Learning life lessons through martial arts


Mckenzie Ford

Members of the Brazilian ju-jitsu club grapple in practice on Oct. 22. The club meets bi-weekly in Reece Pavilion 309B.

By Drew Lawson, Reporter

When you walk through Reese Court during the afternoon there are many sights that catch the eye, from oversized logos of the members of the Big Sky, to the EWU Athletic Hall of Fame.

Behind the outer walls lies a room where people of all genders and body shapes gather twice a week to practice a form of martial arts called Brazilian jiu-jitsu.

Brazilian jiu-jitsu is a grappling martial art featuring two competitors trying to make their opponent “tap,” or submit in order to achieve victory.

“It’s a lot like wrestling,” club president Jeffrey Heatwole said. “It’s about submissions. […] With jiu-jitsu, you’re trying to get the same kind of stuff you are in wrestling, the takedowns, and use some of the same moves to get the other person to the ground. […] You try to do whatever you can to submit your opponent.”

When a person has been pinned to the ground, they acknowledge defeat by “tapping” their opponent. At that point, the match is over.

The Brazilian jiu-jitsu club was formed in 2015 by former student Erin Locke. When Locke graduated, Heatwole assisted with leadership and assumed the presidency. Heatwole has been studying jiu-jitsu on and off for 12 years.

“You get a lot of exercise,” Heatwole said. “If you go […] to a formal dojo, anywhere in town, you’re going to spend about $70-80, maybe even $100 a month just to practice jiu-jitsu there. Here we [practice] a couple days a week and pay $20 per quarter, so we get a lot of mat time […] compared to $80-100 we’re saving a lot of money.”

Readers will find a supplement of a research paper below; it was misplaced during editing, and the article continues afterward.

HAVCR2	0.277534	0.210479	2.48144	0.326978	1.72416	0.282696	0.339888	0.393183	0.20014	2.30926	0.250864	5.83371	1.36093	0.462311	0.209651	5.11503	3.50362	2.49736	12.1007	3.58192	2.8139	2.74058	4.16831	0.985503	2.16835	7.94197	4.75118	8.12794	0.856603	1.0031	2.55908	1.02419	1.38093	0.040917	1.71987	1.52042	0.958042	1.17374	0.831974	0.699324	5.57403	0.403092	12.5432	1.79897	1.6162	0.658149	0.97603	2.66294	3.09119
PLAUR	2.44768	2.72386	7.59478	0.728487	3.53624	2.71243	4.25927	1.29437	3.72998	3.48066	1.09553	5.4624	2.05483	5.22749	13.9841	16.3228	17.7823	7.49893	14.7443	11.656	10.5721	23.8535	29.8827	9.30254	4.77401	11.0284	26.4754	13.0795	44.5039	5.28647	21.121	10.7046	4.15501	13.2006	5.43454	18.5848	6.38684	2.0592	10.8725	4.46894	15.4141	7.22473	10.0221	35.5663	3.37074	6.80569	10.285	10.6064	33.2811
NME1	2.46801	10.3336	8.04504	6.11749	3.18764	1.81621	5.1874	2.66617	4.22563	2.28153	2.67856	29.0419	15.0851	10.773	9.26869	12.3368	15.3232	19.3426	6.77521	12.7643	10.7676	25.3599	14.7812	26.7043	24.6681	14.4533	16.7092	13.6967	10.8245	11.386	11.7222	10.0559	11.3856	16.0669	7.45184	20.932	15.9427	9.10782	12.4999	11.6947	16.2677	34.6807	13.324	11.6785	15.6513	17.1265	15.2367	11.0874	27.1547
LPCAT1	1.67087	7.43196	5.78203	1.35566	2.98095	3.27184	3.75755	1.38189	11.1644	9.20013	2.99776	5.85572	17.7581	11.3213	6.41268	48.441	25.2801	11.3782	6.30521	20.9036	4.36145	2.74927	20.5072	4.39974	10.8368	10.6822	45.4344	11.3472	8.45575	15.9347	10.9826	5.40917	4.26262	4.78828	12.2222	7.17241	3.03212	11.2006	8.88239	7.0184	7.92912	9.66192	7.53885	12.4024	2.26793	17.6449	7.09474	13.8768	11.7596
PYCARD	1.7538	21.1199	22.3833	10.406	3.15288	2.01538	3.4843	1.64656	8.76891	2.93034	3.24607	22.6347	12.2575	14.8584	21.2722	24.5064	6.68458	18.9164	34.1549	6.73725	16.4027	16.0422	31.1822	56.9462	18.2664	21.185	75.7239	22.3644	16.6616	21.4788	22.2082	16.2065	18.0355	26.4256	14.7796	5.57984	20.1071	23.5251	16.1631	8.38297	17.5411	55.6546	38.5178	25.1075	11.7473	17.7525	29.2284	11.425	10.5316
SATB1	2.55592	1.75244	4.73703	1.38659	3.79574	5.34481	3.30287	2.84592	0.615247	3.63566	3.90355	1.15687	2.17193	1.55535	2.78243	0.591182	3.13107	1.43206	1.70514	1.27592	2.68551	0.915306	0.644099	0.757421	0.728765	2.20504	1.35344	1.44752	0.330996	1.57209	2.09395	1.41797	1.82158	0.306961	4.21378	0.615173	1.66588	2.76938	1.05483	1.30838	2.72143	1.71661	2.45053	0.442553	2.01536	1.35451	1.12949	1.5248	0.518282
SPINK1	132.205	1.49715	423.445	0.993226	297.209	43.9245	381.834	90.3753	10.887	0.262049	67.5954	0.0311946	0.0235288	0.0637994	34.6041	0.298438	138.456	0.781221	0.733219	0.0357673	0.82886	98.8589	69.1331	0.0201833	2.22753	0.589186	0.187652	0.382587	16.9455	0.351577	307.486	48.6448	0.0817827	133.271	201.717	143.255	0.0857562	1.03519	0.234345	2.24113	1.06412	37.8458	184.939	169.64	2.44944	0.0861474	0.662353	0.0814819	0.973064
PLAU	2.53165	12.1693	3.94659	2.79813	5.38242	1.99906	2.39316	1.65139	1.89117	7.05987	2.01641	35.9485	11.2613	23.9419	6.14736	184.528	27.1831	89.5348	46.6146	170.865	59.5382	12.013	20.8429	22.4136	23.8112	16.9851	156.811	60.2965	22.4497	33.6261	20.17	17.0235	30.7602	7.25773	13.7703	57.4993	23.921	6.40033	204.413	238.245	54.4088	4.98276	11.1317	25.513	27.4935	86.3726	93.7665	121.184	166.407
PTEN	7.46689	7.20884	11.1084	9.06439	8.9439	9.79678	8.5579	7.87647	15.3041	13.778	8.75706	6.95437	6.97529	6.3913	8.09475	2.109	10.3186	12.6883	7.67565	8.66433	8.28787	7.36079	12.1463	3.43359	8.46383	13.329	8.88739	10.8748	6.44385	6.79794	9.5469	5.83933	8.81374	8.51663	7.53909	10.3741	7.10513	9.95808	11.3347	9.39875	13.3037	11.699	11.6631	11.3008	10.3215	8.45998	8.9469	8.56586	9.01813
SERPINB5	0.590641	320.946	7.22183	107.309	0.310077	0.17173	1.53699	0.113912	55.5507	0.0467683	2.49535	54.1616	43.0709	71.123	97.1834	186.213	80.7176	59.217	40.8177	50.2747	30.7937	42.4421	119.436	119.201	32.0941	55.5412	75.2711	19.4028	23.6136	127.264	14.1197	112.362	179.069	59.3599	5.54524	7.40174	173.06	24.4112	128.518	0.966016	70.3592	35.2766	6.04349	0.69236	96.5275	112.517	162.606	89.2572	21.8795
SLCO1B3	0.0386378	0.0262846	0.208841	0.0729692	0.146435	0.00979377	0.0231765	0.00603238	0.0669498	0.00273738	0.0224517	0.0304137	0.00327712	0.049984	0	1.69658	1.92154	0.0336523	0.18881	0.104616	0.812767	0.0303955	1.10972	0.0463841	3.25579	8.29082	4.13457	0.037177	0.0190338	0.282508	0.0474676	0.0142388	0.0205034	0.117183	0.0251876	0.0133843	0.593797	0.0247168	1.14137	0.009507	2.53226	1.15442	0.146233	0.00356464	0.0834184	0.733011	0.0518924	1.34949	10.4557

The Spokane Valley Brazilian jiu-jitsu dojo offers monthly memberships for $100 and drop-ins for $10 comparitively.

EWU senior Alejandro Avalos has been a member of the club for approximately one year. He joined the club looking for something to do beyond the classroom, and said that he has learned life lessons through his participation.

“I’ve learned a lot about humility,” Avalos said. “When someone goes for a submission, you have to tap, and if you don’t tap you break an arm or something. It’s [about] getting rid of pride.”

Heatwole said that a focus of the club is diversity, and that no specific demographic is targeted for prospective members.

“We like to see females and males of all body styles and ethnicities,” Heatwole said. “There’s no discrimination in jiu-jitsu. You can find strengths and advantages with every body style. Sometimes the smallest person can be the most devastating, and it’s the same with the biggest person.”

Currently the club does not have a belt system in place, which would allow for members to try and move up in rank. However, Heatwole said the practice received at club meetings can prepare students for acquiring a belt elsewhere.

“We’re just covering essentials,”  Heatwole said.“ We [practice] what a student might need to get close to obtaining a blue belt if they went to a formal dojo.”

The club meets on Mondays from 3-5 p.m. and Wednesdays from 4-6 p.m. Meetings are held at the Reese Pavilion 309B. Interested students can contact Heatwole at [email protected] or club sports coordinator Travis Allen at [email protected] for more details.